Produced by Tom Hannen, Edited by Jamie Han, Footage:Reuters
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If and when Boris Johnson becomes prime minister later this week, he'll be facing an immediate diplomatic crisis that could, if he's unlucky, spiral into a military conflict. The problem is with Iran. The Tehran government has seized a British flag tanker that was going through the Strait of Hormuz. As far as the Iranians are concerned, this was in retaliation for the British seizure of an Iranian tanker near Gibraltar that the British say was poised to violate sanctions against Syria.
At any time this week be a difficult diplomatic standoff. But it is particularly tricky and dangerous at the moment for a couple of reasons. The first is that this is a new British government with a huge amount on its plate, in particular, Brexit. But the second is that the Iran-Britain standoff is part of a broader conflict between the West and Iran that was already looking pretty dangerous. In fact, only last month the United States government came very close to bombing Iran in response for the Iranian downing of an American drone.
That strike was, as far as we know, only called off in the very last minutes after President Trump developed qualms about the number of Iranians that might be killed. However, this escalation between Britain and Iran now plays into that wider rise in tensions between the United States and the Iranians that has its origins in the Trump administration's contested decision to withdraw from the Iran Nuclear Accord. The Trump administration had decided that that deal, negotiated by its predecessor, the Obama administration, was too weak.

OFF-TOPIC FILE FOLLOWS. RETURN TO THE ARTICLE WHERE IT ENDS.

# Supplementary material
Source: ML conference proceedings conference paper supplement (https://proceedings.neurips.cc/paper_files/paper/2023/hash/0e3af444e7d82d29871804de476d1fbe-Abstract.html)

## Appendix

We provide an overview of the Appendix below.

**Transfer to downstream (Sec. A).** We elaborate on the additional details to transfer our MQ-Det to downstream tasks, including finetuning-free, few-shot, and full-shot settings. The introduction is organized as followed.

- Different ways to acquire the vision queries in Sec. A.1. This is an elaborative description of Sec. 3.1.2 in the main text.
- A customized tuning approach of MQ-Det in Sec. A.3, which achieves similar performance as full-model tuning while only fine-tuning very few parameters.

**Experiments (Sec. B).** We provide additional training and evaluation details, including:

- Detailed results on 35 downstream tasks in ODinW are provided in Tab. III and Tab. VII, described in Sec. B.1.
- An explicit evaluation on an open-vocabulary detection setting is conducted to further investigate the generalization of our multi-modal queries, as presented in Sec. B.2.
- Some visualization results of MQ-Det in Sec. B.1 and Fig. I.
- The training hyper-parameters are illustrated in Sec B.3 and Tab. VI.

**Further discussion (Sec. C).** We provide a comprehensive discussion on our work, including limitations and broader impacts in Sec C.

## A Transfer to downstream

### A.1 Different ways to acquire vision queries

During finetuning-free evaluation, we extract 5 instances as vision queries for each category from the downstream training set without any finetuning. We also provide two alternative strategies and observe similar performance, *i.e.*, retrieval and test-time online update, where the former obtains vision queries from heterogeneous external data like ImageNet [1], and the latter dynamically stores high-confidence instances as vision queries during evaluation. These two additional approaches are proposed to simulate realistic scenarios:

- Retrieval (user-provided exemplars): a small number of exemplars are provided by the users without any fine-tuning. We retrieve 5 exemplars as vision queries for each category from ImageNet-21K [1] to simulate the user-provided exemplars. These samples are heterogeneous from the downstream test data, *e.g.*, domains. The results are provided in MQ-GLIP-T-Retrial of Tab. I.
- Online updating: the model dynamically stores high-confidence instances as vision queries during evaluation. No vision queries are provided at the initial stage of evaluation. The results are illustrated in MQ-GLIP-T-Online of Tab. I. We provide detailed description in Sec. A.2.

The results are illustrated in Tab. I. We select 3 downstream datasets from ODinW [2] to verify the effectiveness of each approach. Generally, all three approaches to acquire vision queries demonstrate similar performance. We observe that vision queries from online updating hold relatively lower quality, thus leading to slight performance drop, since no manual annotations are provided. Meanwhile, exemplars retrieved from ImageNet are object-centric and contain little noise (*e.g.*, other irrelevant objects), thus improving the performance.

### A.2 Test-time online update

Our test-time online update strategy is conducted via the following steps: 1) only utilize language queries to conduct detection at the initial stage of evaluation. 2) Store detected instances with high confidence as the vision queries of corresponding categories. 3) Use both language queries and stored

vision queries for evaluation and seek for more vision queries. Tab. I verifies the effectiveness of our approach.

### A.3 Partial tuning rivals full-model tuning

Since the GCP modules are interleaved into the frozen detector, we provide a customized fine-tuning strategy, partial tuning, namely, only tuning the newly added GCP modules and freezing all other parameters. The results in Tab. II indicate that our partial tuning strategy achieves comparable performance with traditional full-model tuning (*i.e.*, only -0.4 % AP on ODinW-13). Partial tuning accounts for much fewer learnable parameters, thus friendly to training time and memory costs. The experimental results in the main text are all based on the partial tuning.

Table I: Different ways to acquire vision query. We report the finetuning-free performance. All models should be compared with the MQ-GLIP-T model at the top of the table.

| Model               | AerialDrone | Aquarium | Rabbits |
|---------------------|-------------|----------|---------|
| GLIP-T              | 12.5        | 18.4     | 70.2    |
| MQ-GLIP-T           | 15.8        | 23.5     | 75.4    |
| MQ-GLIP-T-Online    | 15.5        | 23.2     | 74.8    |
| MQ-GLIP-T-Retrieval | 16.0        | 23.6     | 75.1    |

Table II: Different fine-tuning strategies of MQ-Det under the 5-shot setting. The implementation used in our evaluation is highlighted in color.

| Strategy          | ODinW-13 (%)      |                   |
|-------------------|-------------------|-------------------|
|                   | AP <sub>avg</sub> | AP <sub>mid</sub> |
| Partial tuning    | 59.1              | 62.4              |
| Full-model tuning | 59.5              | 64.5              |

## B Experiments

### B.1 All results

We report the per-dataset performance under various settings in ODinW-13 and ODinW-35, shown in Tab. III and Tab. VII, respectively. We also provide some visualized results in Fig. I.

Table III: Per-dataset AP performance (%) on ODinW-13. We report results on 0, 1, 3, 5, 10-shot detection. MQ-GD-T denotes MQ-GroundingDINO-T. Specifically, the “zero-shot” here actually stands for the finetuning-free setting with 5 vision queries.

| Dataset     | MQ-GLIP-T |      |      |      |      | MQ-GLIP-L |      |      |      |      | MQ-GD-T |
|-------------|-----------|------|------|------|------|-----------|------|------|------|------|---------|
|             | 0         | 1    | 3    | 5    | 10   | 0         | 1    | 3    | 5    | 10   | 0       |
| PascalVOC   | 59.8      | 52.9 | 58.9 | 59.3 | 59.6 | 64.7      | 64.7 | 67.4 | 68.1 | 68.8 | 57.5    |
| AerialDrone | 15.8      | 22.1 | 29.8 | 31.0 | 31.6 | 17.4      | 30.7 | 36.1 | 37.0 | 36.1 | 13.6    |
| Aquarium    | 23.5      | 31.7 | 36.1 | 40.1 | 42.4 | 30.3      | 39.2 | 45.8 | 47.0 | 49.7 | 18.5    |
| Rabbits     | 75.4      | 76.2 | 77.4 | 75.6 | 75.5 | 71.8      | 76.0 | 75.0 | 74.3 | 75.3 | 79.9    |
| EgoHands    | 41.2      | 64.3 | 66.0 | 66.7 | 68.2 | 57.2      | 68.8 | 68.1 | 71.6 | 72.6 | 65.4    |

And it withdrew from the accord and has reimposed very powerful economic sanctions on Iran, which was already causing economic and political anguish in Iran, and causing the Iranians to respond with a series of small scale provocations. However, the complication for Britain is that the British, along with the French and Germans, have never accepted the US decision to pull out of the Iran Nuclear Accord. However, now that the tank has been seized, Mr Johnson or any incoming government faces a tricky decision.
Does it ramp up economic sanctions, and therefore essentially come much closer to aligning itself to the hard-line policies of Washington, or does it try to stick with its diplomatic path with Iran, but risk looking weak and getting stuck in a standoff that can't be resolved? These are very difficult decisions which potentially have implications that could stretch all the way into military action. But they're going to be landing on Boris Johnson's desk more or less as soon as he enters 10 Downing Street.